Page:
Take it From a Global Marketing Leader: Identity Matters
“Hello, give me your name, address, shoe size, motorcycle and boots.”
Now, we can all agree that approaching a first date like you’re the Terminator is not going to go very well. No one likes to be bombarded with personal questions as soon as they sit down — let alone by a stranger they’ve just met.
Yet this is how most brands approach those first moments of engagement with potential customers online. Most marketers don’t even think of the login box being a tool to woo consumers — it’s a functional tool owned by security teams in their eyes.
I’ve spent 20+ years working in marketing, including a number of B2B SaaS companies, and many teams rarely saw the login box as something that we could use to their advantage.
But what if marketers started to see the login box for what it really is: the ideal opportunity to not only help acquire customers, but retain and continue to drive conversions? And not just at the first click but throughout the whole journey?
That’s where customer identity, or the login box, comes in.
First, you need to be honest about what’s causing friction
When it comes to building brand loyalty these days, it’s all about the digital experience being as frictionless as possible. That’s not news to you though. Every marketer has been chasing the elusive high of frictionless for years now, but it might be useful to outline a few examples of friction when it comes to customer identity.
- An ugly registration box that asks the world of you. No customer wants to give you their phone number, state, and gender on the first sign-up.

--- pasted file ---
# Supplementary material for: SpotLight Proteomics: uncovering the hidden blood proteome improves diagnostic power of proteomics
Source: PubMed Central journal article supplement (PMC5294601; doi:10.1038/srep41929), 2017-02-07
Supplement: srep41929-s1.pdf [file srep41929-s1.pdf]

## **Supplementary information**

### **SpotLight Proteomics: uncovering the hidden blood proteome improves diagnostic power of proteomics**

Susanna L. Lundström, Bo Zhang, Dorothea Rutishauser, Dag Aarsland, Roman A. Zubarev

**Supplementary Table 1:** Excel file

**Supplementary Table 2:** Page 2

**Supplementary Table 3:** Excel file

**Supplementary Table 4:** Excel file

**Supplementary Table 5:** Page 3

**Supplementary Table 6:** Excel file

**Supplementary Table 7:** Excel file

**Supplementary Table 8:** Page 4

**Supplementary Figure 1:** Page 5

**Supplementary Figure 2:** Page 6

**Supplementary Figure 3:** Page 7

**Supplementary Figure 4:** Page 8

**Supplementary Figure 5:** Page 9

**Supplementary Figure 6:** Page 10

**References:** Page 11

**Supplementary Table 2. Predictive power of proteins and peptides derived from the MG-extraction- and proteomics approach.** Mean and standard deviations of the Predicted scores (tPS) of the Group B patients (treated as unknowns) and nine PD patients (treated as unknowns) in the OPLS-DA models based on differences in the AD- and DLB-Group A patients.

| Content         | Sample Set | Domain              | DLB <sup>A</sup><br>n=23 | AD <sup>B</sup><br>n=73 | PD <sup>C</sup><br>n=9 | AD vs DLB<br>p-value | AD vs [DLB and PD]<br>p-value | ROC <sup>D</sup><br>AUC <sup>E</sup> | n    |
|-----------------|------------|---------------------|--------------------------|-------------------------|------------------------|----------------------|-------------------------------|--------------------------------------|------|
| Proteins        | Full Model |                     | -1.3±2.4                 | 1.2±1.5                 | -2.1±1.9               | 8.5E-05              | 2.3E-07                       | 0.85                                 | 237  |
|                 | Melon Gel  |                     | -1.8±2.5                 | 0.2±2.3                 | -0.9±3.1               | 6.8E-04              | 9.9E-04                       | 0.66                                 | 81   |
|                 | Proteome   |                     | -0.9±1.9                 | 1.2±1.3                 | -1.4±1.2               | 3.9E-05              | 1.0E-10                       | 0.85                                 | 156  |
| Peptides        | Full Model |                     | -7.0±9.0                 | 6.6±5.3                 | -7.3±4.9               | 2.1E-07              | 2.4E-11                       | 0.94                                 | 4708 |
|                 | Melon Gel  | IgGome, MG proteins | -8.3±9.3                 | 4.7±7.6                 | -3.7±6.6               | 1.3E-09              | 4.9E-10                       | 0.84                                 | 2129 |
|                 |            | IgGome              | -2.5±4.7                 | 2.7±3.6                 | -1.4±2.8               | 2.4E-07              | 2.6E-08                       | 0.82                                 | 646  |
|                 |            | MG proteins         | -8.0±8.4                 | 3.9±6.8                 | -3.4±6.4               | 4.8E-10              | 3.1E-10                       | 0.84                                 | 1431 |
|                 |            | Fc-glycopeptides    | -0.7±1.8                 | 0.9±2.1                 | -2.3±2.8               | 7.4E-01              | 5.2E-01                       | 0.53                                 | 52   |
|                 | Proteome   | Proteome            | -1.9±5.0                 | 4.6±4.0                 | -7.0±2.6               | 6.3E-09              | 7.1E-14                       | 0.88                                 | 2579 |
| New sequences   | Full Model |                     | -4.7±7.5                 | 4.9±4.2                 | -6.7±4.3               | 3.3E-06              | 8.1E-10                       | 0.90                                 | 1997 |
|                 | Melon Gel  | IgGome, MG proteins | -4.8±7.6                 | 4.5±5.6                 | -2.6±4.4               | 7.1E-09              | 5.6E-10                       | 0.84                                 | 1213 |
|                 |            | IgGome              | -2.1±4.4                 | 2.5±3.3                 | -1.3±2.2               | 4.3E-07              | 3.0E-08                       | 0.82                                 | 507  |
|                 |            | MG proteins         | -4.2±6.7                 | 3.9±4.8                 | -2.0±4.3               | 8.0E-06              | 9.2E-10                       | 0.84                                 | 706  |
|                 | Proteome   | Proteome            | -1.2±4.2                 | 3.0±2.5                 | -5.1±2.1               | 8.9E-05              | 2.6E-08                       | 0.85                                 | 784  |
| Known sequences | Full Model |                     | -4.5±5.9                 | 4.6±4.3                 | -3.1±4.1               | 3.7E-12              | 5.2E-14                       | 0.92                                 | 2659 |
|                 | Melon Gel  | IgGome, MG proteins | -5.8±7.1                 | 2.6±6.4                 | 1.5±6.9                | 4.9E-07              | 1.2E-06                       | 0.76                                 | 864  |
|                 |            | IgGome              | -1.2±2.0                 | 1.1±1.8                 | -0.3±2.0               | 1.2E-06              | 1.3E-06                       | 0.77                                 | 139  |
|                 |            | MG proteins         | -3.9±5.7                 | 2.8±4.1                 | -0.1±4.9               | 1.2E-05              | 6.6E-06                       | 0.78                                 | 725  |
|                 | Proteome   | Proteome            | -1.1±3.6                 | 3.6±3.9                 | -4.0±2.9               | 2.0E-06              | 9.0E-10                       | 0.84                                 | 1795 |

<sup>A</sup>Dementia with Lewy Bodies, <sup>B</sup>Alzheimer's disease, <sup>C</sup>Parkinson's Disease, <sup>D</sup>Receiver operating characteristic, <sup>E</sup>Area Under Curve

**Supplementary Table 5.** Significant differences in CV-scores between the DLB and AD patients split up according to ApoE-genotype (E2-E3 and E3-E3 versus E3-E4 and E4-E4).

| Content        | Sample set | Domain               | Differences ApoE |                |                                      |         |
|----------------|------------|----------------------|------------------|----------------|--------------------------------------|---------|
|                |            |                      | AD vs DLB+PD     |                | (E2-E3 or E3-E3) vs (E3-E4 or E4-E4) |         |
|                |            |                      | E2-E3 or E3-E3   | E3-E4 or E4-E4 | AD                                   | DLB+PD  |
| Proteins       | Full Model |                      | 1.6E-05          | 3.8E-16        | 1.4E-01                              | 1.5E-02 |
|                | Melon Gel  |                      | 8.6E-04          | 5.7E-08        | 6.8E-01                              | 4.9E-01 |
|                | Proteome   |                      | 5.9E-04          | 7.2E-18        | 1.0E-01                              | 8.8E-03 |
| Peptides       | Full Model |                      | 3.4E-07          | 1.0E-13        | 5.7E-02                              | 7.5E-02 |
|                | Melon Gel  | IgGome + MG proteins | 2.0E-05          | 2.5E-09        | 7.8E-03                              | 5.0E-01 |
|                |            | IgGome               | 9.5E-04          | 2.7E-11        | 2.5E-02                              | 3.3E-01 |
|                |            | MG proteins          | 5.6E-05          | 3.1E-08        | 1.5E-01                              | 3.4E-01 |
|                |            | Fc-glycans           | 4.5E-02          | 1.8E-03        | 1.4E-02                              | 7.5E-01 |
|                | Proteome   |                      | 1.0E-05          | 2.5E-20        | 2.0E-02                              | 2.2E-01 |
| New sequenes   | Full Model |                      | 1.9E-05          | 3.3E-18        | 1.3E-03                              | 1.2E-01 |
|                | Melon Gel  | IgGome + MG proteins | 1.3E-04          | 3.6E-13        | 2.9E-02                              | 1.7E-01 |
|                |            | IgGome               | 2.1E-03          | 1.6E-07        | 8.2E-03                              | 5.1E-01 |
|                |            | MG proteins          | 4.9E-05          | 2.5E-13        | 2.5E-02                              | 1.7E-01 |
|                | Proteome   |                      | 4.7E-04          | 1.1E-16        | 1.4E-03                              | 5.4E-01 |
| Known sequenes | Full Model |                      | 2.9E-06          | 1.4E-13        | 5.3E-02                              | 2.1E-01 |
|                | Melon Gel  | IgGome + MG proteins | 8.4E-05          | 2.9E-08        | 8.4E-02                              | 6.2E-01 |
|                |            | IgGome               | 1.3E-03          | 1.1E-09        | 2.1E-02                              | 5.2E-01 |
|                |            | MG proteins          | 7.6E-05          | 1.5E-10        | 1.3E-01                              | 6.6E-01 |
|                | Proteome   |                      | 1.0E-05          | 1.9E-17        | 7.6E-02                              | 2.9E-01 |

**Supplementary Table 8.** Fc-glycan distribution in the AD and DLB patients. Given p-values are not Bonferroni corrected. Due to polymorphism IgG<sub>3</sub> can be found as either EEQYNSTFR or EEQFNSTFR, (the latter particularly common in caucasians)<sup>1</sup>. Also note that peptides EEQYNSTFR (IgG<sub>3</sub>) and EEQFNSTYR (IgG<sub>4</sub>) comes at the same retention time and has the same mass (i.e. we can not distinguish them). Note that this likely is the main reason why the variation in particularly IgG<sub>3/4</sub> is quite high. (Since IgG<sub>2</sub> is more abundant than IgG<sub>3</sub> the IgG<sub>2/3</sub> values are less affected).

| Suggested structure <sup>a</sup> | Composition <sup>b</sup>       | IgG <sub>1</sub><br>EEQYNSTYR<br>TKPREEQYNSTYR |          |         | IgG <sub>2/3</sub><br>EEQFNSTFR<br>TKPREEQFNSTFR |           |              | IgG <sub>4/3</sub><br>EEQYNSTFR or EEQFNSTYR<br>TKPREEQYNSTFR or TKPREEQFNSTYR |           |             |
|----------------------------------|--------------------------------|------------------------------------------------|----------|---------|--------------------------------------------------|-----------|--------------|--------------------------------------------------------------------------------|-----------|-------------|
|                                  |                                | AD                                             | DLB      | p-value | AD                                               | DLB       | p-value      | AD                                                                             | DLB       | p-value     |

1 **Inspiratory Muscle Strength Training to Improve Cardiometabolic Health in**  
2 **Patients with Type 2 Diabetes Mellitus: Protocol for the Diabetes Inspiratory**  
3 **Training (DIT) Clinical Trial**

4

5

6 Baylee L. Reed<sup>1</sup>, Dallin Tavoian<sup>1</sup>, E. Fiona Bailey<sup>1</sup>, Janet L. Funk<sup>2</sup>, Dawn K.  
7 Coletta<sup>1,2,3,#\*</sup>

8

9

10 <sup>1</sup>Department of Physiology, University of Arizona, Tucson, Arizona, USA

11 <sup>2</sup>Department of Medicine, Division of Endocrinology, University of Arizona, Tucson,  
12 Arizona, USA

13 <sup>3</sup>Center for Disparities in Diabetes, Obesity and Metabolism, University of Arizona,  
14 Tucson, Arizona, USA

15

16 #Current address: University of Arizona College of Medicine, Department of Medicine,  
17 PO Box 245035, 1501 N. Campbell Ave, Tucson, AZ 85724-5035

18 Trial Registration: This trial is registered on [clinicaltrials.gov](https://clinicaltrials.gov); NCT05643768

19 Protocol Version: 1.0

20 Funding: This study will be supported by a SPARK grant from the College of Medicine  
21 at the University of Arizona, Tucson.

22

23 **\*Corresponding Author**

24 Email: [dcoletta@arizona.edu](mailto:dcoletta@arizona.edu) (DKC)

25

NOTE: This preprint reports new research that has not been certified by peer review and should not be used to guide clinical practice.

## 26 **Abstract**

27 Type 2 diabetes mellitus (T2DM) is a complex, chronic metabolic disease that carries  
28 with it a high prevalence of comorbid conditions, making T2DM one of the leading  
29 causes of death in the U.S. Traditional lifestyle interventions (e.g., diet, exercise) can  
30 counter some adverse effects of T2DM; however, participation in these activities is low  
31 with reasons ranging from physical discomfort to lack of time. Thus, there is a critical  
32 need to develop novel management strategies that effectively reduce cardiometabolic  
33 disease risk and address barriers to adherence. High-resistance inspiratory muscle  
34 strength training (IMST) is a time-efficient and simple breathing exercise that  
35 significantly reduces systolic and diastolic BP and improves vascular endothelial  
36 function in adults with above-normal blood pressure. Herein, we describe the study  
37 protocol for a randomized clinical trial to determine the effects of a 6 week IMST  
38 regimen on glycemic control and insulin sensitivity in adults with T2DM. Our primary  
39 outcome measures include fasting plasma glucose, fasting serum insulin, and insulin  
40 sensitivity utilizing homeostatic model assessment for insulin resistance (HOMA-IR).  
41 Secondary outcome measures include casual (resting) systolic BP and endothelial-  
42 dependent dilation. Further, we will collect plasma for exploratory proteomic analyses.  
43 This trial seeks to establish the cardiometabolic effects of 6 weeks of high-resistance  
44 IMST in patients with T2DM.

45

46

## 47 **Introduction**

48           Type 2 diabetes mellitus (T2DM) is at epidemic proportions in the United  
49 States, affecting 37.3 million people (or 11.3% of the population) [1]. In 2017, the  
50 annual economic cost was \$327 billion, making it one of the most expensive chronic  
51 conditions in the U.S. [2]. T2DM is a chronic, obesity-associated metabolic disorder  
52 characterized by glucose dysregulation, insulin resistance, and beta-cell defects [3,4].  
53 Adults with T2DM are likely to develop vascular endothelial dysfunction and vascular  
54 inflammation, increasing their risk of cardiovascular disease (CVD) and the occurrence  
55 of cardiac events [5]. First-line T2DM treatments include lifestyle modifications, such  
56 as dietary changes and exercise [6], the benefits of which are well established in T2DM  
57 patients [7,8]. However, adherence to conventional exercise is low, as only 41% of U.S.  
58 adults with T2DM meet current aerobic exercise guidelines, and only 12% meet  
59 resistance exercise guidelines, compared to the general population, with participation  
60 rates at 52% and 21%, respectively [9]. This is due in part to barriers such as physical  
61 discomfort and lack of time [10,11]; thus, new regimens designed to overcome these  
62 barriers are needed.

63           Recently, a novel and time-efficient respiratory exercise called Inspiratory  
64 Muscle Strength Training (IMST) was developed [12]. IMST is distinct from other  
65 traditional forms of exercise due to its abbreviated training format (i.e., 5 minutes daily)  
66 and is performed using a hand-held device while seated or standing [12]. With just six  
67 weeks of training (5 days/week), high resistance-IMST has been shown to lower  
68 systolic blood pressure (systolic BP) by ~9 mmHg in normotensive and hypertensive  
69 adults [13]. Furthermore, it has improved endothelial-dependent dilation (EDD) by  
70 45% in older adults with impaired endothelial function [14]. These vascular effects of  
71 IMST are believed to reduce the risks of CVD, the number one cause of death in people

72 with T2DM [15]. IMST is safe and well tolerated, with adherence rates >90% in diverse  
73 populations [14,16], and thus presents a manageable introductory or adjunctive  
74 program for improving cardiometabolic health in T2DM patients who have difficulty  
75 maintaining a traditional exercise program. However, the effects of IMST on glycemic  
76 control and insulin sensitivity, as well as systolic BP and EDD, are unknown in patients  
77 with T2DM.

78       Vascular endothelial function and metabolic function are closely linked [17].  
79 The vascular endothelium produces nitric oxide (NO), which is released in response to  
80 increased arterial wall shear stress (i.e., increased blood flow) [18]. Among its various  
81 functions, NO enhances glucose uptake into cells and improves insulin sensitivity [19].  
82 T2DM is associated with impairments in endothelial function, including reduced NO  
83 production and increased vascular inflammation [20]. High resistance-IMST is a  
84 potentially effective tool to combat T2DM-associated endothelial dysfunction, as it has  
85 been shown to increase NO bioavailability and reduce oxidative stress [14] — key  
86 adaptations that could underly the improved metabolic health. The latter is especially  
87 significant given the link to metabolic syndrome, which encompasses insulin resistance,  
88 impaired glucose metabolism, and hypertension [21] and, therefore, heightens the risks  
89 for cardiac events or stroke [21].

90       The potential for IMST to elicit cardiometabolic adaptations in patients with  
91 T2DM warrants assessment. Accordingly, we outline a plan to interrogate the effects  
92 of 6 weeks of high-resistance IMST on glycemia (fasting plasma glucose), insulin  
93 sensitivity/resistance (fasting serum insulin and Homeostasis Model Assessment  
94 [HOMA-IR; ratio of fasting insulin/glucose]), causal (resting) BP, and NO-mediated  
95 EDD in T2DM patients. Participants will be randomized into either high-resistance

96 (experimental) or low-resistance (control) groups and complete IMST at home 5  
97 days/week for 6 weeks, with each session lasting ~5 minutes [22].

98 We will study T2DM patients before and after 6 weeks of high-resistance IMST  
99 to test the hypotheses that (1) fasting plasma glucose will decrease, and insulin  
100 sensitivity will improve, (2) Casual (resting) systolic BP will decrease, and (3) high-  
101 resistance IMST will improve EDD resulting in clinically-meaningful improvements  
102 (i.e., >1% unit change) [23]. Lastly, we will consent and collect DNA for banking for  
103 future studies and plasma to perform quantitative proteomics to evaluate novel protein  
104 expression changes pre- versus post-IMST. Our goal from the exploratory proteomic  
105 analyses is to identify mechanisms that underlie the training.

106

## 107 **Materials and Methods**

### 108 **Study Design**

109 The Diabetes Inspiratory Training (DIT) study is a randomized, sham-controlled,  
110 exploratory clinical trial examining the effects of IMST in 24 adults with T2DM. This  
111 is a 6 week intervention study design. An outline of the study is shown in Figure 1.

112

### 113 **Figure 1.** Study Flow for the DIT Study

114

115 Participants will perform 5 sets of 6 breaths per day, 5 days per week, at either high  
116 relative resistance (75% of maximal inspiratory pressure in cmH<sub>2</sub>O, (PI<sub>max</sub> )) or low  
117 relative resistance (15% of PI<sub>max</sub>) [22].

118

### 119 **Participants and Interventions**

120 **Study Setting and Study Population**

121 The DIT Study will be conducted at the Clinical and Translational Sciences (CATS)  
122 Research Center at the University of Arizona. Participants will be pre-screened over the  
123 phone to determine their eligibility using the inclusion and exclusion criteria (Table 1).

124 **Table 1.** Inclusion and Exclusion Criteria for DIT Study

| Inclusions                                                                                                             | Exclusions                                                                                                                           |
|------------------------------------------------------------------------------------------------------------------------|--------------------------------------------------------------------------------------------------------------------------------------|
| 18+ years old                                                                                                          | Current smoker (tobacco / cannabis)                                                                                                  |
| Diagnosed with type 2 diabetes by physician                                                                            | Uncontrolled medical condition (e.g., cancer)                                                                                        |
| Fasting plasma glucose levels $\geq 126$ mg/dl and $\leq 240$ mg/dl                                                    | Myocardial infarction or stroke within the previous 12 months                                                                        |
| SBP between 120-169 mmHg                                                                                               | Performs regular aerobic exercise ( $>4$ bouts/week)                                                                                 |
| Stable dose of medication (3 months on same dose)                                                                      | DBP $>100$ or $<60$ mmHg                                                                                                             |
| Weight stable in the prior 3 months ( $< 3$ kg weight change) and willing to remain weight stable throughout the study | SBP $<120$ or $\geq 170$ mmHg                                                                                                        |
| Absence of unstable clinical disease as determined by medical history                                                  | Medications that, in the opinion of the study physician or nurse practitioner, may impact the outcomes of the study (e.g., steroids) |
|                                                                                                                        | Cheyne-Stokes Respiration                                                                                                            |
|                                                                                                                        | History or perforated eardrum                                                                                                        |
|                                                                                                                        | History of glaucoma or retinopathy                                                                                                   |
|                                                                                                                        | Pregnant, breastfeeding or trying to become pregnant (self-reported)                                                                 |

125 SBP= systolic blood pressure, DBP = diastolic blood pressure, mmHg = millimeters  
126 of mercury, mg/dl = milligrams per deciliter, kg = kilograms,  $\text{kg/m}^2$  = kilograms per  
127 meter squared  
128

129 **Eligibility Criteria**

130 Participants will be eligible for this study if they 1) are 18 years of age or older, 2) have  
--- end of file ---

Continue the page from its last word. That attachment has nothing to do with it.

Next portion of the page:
- Three pop-ups within a minute asking if you would be interested in a 10% discount in exchange for your email or mobile number.
- Asking for customers to create an account just before a purchase.
Frustrated consumers can simply click the ‘x’ button on pop-ups in a split second, enter false data to get rid of the friction, or just abandon the whole process. It’s been shown, by Baymard Institute, 24% of customers abandon their cart at checkout when they’re required to create an account.
All of which leads to no conversions, brand love, or any real desire to repeat the process.
So, how can your login box help with the above?
Firstly, you need to be very clear about your objectives. Are you trying to acquire a new customer, or are you furthering an existing relationship?
If you are looking to acquire, then you need to be totally focussed on that. You don’t need to see it as your one and only chance to find out EVERYTHING. You also need to be confident in giving your potential new customer some space.
For example, say you’re a streaming service and a customer has just clicked on one of your digital ads promoting the new must-see show. They land on the site and all they want to do is start watching. But then you want them to sign up instantly, and this means asking for their name, credit card details, date of birth, etc. Suddenly that impulsive click that brought them to your site has turned into a slog, and they may just give up.
So how about doing something a little different? You could just ask for their email in exchange for a 30-minute free trial. Then at the end, once they are hooked and have to find out what happens next, you can present the payment option.
This scenario is more enjoyable for the consumer, and actually increases the chance of sign-up. It just requires a little bit of patience and putting yourself in their shoes.
Another great feature of the modern login box when it comes to acquiring customers is social login.
Let’s get social